Paint­ing by num­bers

The McLeod River Post - - The Review - Craig McInnes

Book adap­ta­tions to the big screen tend to be a messy af­fair. It’s of­ten hard to trans­fer the depth of a novel, (or se­ries) of books with­out los­ing some of the in­her­ent char­ac­ter that ev­ery book— good or bad— has. Peter Jack­son’s Lord of The Rings adap­ta­tion may go down as one of the great­est adap­ta­tions of all time. He took nine books and spread then over three films in a taste­ful, com­pro­mis­ing way that not only left the mes­sage of the books in­tact, but added a bit more drama and cut fat. He then did a com­plete 180 and made three films out of The Hob­bit, and it very much seemed like had to add plot points to fill the gaps. In do­ing so, the soul of the (of­ten re­garded as su­pe­rior) book from Mid­dle Earth felt de­riv­a­tive. And whilst I can say that I en­joyed The Mar­tian, I can­not for the life of me think as why it even got made in the first place.

To the cynic in me, it seems that Ri­d­ley Scott did a safe pic­ture. These are of­ten things that stu­dios put into con­tracts to make money back on ei­ther pre­vi­ous flops, or up­com­ing ones. They gen­er­ate cash, which, of course, is the sole pur­pose of the in­dus­try. A di­rec­tor gets to do some­thing that the stu­dio does not agree with, (Prometheus: Par­adise Lost) but only if they agree to do some­thing safe that is a sure fire hit. In this case, it’s The Mar­tian.

It’s based on the novel by Andy Weir, and fol­lows Mark Wat­ney, Engi­neer/Botanist/ As­tro­naut and all around MacGyver as he is left stranded on Mars, pre­sumed dead af­ter a ter­ri­ble storm. Wat­ney must use his sur­vival skills and NASA know-how to over­come al­most in­sur­mount­able odds. The book is metic­u­lously re­searched, and most NASA sci­en­tists have yet to find too much wrong with it. SO the screen­play can­not be faulted, (too much). The science and pseudo MacGyver science is pos­si­ble. Check mark there. The story is en­ter­tain­ing, but only when it stays with Wat­ney. The minute you turn the page and get to NASA the brakes get slammed on, and you find your­self want­ing to get back to Cast Away on Mars, not lis­ten­ing to of­fice ban­ter from a seem­ingly over stacked ensem­ble cast, (Jeff Daniels, Kris­ten Wig, Don­ald Glover— even SEAN BEAN!) NOTE and pos­si­ble spoiler alert for Bean Fans: He does not die in this film.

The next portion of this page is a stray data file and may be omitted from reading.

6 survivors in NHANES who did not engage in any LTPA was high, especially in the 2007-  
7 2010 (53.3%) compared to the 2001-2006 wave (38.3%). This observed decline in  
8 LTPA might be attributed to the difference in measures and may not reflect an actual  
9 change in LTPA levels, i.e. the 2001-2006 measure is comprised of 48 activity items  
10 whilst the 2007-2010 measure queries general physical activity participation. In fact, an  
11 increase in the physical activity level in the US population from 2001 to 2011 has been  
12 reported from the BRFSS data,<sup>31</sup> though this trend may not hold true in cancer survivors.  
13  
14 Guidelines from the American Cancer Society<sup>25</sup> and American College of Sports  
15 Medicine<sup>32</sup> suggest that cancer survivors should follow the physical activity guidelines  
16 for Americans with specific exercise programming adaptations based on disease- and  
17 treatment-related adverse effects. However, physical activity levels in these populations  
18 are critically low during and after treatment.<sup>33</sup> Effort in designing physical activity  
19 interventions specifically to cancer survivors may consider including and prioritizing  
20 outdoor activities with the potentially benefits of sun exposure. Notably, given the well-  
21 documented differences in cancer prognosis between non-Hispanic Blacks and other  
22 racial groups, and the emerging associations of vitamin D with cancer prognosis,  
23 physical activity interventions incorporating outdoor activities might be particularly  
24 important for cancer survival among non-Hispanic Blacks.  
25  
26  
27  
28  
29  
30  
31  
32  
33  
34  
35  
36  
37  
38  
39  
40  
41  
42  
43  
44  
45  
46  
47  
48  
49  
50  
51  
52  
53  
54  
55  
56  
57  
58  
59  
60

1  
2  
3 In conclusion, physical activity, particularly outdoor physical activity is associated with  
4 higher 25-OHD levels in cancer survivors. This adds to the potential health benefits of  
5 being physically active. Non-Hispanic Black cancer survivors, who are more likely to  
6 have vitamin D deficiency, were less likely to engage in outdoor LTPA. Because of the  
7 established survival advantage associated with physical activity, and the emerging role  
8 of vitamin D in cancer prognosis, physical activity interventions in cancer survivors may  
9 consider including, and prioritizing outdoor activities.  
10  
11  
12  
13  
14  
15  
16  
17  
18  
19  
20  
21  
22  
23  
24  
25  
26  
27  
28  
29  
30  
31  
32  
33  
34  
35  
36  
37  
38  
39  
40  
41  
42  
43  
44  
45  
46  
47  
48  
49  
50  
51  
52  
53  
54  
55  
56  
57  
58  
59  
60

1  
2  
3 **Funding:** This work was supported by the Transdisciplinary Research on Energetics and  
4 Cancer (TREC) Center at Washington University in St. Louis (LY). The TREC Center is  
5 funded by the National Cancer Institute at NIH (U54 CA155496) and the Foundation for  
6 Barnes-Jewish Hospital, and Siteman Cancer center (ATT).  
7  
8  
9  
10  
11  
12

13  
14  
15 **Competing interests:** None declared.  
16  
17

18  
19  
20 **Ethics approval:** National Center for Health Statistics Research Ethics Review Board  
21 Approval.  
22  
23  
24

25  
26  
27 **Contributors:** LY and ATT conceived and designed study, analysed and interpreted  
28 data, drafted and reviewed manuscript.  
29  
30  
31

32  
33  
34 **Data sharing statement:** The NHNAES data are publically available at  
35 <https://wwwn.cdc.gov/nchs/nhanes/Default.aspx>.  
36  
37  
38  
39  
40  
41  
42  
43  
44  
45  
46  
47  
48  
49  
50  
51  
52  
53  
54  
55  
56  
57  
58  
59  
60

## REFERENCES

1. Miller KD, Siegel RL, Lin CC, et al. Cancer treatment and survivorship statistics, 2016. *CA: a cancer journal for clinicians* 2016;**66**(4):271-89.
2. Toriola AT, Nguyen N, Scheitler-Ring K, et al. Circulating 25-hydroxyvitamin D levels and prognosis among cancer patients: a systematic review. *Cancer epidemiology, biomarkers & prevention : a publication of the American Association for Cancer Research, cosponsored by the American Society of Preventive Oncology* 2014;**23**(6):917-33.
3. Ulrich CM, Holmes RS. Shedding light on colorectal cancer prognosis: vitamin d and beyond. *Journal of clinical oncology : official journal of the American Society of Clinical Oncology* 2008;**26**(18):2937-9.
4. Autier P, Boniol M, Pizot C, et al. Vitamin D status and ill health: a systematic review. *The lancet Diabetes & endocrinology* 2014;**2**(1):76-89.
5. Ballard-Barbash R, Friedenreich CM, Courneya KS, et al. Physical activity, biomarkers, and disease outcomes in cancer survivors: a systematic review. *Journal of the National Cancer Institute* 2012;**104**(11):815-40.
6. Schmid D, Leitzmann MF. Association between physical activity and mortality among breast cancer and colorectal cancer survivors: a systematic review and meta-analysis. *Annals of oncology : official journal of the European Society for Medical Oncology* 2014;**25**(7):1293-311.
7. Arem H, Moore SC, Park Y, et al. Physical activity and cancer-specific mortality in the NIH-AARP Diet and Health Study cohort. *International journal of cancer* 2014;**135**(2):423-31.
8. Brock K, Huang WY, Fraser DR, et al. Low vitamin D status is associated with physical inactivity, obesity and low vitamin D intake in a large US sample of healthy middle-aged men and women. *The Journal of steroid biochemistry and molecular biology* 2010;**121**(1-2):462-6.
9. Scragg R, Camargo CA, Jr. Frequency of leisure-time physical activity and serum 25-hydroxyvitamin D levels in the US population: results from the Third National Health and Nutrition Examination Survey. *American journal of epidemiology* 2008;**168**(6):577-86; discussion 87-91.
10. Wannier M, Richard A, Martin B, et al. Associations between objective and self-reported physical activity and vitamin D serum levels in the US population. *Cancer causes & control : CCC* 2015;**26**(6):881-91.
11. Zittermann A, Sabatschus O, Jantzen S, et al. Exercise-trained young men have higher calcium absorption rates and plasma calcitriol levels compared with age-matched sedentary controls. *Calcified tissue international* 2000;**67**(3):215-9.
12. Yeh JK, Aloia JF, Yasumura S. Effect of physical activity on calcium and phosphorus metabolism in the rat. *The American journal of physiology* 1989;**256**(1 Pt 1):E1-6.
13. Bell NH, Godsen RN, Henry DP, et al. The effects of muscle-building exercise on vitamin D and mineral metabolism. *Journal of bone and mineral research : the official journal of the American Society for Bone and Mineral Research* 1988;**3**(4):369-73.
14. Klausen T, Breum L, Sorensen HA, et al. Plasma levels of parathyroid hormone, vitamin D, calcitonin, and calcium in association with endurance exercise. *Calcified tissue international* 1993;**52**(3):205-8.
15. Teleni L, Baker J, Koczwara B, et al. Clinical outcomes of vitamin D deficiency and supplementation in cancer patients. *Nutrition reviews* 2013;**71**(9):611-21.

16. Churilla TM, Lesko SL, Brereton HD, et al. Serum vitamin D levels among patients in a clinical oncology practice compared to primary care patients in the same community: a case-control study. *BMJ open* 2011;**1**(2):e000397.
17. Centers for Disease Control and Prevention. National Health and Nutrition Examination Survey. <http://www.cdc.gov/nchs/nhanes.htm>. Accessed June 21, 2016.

Ri­d­ley Scott knows what he’s do­ing be­hind the cam­era, the ef­fects are de­cent, and Matt Damon plays him­self and the every­man in space. But that was the prob­lem for me with the book. Astro­nauts are so well trained that they know how to speak Rus­sian. They have to know ther­mo­dy­nam­ics, as­tro­physics, chem­istry, ad­vanced first aid and zero grav­ity trauma re­sponse, elec­tri­cal en­gi­neer­ing the­ory— the list goes on. Be­sides Chris Had­field, (a Cana­dian trea­sure, I might add) most Astro­nauts have no room for per­son­al­ity. I could un­der­stand that af­ter four years alone, he would grad­u­ally slide to be­ing ec­cen­tric and say what he though. But one of his first video logs is “I’m go­ing to have to science the s**t out of this place.”

Damon nails the book char­ac­ter— kooky, lippy, re­source­ful and smart. But he just seems like Matt Damon on Mars. Be­sides him just dy­ing on a planet alone, there isn’t much else to go on for drama. Tom Hanks wanted to get back to He­len Hunt and not die in Cast Away. And Matt Damon is the only per­son on Mars. With low sup­plies and fail­ing equip­ment. There is al­most no con­flict at NASA, and they even work with the Chi­nese gov­ern­ment to get Wat­ney home. In a sense it’s re­fresh­ing that it’s not turned into a Michael Bay schlock fest, and that it stays true to the book. I guess what I’m try­ing to say is that it’s one of the best adap­ta­tions you will see in a while. As a stand­alone film, it’s okay. Just don’t read the book at all and you’ll walk away with a smile on your face. If you have read the book, you can rest as­sured that ab­so­lutely ev­ery­thing hap­pens in the book on screen, but is not ex­plained so you can be the uber-smart per­son who knows the science heavy lingo. 7/10

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